Preexisting, Nonconforming Uses and Structures: A Recent Massachusetts Appeals Court Clarification
Revisions to local zoning ordinances look prospectively. Thus, when a zoning ordinance is enacted prohibiting a specific use in any particular district, a property engaged in such use before the enactment will be protected as a preexisting, nonconforming use. This protection is subject to the requirements of G.L. c. 40A, § 6, which provides in part that preexisting nonconforming structures or uses may be extended or altered, provided that no such extension or alteration shall be permitted unless there is a finding by the permit granting authority that such change, extension or alteration shall not be substantially more detrimental than the existing nonconforming use to the neighborhood.
Status as a preexisting, nonconforming use is fortuitously earned, but it can be unintentionally lost. When a use ceases because of abandonment or change, the protection will lapse. For example, a mom and pop grocery store may receive the tolerance and even affection of neighbors within a residential district. Those same neighbors -- and the building inspector -- will be less favorably disposed when mom and pop decide to forego the sale of butter and eggs to open a machine shop. Enforcement of the zoning ordinance will prevent such a change.
Preexisting nonconforming structures face similar challenges. Under G.L. c. 40A, § 6, the reconstruction, extension or structural change of a structure will trigger application of the dimensional requirements of the current zoning ordinance.
In Welch-Philippino v. Zoning Board of Appeals of Newburyport, 86 Mass. App. Ct. 258 (2014), the Appeals Court emphasized that G.L. c. 40A, § 6 distinguishes between uses and structures. The Court clarified that altering the structure housing a nonconforming use is permissible as of right under the statute as long as the use remains the same and the alteration results in a structure conforming to the requirements of the local zoning ordinance.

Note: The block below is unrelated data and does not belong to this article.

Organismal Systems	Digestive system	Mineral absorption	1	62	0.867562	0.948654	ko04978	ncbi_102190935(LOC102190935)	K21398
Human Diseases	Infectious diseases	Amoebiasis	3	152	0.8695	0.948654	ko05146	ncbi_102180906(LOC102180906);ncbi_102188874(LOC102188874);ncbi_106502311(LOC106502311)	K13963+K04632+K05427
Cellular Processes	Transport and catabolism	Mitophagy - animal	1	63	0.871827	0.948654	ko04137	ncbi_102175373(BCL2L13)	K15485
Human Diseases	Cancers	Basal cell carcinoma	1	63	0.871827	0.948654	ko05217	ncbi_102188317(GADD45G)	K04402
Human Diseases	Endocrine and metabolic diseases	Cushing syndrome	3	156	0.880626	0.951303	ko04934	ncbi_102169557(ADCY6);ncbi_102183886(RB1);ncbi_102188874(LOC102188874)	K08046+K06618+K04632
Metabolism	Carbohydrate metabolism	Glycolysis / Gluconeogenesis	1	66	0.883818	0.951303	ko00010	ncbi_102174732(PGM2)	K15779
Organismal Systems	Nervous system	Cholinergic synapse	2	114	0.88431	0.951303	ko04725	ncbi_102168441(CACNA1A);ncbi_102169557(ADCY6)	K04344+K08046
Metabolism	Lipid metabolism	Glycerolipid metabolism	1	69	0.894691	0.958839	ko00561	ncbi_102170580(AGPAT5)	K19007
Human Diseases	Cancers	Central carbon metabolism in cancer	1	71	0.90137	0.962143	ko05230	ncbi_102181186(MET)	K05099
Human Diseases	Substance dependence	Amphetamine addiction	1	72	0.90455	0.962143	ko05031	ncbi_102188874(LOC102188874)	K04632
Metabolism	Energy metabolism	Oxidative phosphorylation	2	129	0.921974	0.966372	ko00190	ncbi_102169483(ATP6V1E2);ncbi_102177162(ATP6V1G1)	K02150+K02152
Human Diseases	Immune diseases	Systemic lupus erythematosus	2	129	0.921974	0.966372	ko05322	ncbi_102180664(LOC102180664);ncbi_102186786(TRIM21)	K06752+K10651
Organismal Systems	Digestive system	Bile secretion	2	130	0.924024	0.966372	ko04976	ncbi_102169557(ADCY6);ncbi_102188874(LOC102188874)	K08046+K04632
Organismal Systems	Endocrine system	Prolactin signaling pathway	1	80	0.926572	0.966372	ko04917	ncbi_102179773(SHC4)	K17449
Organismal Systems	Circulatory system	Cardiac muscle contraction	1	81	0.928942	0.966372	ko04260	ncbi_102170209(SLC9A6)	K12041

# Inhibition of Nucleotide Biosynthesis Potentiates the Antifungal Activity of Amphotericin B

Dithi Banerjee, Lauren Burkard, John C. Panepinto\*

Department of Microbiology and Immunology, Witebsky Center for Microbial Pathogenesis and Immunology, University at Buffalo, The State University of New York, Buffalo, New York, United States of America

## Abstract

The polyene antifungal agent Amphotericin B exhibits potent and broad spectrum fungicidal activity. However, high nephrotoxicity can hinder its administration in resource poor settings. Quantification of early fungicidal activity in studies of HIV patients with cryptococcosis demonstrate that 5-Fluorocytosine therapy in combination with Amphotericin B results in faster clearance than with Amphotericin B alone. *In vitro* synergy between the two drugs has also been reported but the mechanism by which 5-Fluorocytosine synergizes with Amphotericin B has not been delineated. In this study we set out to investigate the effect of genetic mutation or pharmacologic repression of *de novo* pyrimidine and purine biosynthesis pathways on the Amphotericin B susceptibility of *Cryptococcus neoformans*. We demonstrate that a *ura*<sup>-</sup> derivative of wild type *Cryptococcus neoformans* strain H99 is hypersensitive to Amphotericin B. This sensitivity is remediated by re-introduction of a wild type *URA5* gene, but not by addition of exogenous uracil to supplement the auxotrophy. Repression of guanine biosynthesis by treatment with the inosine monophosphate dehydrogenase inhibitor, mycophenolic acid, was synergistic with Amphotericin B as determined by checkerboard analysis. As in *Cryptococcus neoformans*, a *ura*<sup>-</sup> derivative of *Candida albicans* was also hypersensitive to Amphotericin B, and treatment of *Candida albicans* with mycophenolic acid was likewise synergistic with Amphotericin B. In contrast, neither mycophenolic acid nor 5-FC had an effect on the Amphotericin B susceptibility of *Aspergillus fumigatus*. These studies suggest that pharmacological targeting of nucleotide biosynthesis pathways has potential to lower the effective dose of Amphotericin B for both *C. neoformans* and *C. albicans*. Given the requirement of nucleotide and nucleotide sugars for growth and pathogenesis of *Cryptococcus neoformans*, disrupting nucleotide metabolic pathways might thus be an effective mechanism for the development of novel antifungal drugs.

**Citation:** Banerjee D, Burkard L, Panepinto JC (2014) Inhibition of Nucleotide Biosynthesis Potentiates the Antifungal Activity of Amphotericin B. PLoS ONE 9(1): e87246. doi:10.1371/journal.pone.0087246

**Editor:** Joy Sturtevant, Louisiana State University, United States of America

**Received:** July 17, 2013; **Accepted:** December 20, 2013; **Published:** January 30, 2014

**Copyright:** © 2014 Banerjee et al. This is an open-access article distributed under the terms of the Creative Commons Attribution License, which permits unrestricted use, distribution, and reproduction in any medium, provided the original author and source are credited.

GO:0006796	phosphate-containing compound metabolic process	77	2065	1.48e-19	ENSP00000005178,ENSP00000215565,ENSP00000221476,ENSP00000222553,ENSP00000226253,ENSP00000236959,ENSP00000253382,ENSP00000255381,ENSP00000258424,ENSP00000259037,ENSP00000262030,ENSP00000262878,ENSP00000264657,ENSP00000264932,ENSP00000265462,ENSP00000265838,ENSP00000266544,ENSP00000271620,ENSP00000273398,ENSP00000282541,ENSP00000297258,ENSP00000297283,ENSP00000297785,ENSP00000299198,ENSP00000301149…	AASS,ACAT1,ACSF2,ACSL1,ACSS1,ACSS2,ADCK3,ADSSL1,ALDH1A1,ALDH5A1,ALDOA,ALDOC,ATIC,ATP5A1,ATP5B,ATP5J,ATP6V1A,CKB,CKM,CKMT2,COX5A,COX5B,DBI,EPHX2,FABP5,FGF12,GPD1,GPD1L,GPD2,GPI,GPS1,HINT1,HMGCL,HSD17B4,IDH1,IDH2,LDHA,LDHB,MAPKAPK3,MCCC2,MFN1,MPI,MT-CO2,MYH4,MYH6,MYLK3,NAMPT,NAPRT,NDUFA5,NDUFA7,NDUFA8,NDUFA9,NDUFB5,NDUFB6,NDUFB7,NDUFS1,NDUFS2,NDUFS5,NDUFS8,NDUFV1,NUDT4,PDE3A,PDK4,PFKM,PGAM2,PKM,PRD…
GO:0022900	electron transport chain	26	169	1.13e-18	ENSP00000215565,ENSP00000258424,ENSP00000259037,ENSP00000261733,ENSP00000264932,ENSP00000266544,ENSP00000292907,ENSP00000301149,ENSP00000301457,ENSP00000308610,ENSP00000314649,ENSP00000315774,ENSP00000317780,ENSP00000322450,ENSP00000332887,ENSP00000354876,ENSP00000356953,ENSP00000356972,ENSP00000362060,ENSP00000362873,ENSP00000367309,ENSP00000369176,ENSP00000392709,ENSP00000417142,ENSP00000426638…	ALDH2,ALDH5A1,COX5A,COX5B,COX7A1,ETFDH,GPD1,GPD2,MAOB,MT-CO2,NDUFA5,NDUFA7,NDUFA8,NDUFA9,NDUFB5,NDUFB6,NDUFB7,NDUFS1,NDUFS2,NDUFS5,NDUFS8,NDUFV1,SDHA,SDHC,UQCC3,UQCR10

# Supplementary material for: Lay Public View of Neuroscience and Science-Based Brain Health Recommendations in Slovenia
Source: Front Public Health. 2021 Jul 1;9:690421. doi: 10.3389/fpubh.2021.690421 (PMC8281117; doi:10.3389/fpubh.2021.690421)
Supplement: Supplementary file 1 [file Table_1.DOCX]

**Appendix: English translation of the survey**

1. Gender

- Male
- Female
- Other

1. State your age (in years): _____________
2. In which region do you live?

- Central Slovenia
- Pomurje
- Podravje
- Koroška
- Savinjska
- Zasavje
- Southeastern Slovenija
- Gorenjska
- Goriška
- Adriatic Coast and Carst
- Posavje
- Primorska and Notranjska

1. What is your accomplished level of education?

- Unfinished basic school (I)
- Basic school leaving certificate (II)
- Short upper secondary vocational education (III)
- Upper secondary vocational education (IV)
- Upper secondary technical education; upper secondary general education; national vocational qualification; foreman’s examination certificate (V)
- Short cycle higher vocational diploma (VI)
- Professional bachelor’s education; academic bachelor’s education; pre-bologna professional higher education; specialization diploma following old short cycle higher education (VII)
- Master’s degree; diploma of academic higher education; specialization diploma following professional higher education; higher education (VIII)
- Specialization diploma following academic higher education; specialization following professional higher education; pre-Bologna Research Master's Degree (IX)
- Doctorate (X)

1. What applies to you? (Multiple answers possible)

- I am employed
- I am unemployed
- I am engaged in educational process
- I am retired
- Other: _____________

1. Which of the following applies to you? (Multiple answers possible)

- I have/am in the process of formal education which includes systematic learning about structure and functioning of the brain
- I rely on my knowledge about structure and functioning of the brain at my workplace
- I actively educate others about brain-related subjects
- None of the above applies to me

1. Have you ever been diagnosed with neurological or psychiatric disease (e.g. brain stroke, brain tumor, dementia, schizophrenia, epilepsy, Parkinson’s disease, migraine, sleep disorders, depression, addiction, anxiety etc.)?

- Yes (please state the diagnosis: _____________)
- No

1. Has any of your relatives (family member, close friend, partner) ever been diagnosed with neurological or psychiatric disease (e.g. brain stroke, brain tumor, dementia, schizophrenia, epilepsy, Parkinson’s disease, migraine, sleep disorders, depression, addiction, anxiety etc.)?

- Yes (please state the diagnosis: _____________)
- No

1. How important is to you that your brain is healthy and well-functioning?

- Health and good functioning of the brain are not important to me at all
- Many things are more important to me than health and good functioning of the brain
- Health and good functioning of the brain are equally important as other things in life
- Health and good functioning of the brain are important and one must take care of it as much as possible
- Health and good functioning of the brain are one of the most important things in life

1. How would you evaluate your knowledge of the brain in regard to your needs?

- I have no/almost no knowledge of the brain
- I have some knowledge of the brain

In Welch-Philippino, the preexisting nonconforming use was a 100-bed nursing home, located in a residential district. The structure itself, however, was “a dimensionally conforming commercial structure situated on a large (5.5 acre) conforming lot in a residential zone.” The nursing home proposed “to replace the old structure with a modernized 121-bed facility that will meet the dimensional requirements of the current zoning ordinance.”
Because the nursing home proposed no change or substantial extension of the nonconforming use, alteration of the structure in a manner conforming to dimensional requirements of the zoning ordinance did not jeopardize the property’s grandfathered protection. In other words, the conforming structure did not lose that status simply because the structure housed a nonconforming use.
In Welch-Philippino, the Land Court had followed a belt-and-suspenders approach in deciding the issue. The Land Court ruled that even if a special permit had been required for the project, the nursing home’s new building was permissible because it was not substantially more detrimental to the neighborhood than the existing structure or use, within the meaning of G.L. c. 40A, § 6 and of the town’s zoning ordinance.
On appeal, the Appeals Court affirmed the Land Court’s decision but confirmed that a special permit had not been required. Accordingly, a property owner wishing to alter a structure housing a nonconforming use will now be able to do so with greater confidence that the alteration can occur as a matter of right, as long as the new structure conforms to the dimensional requirements of the local zoning ordinance.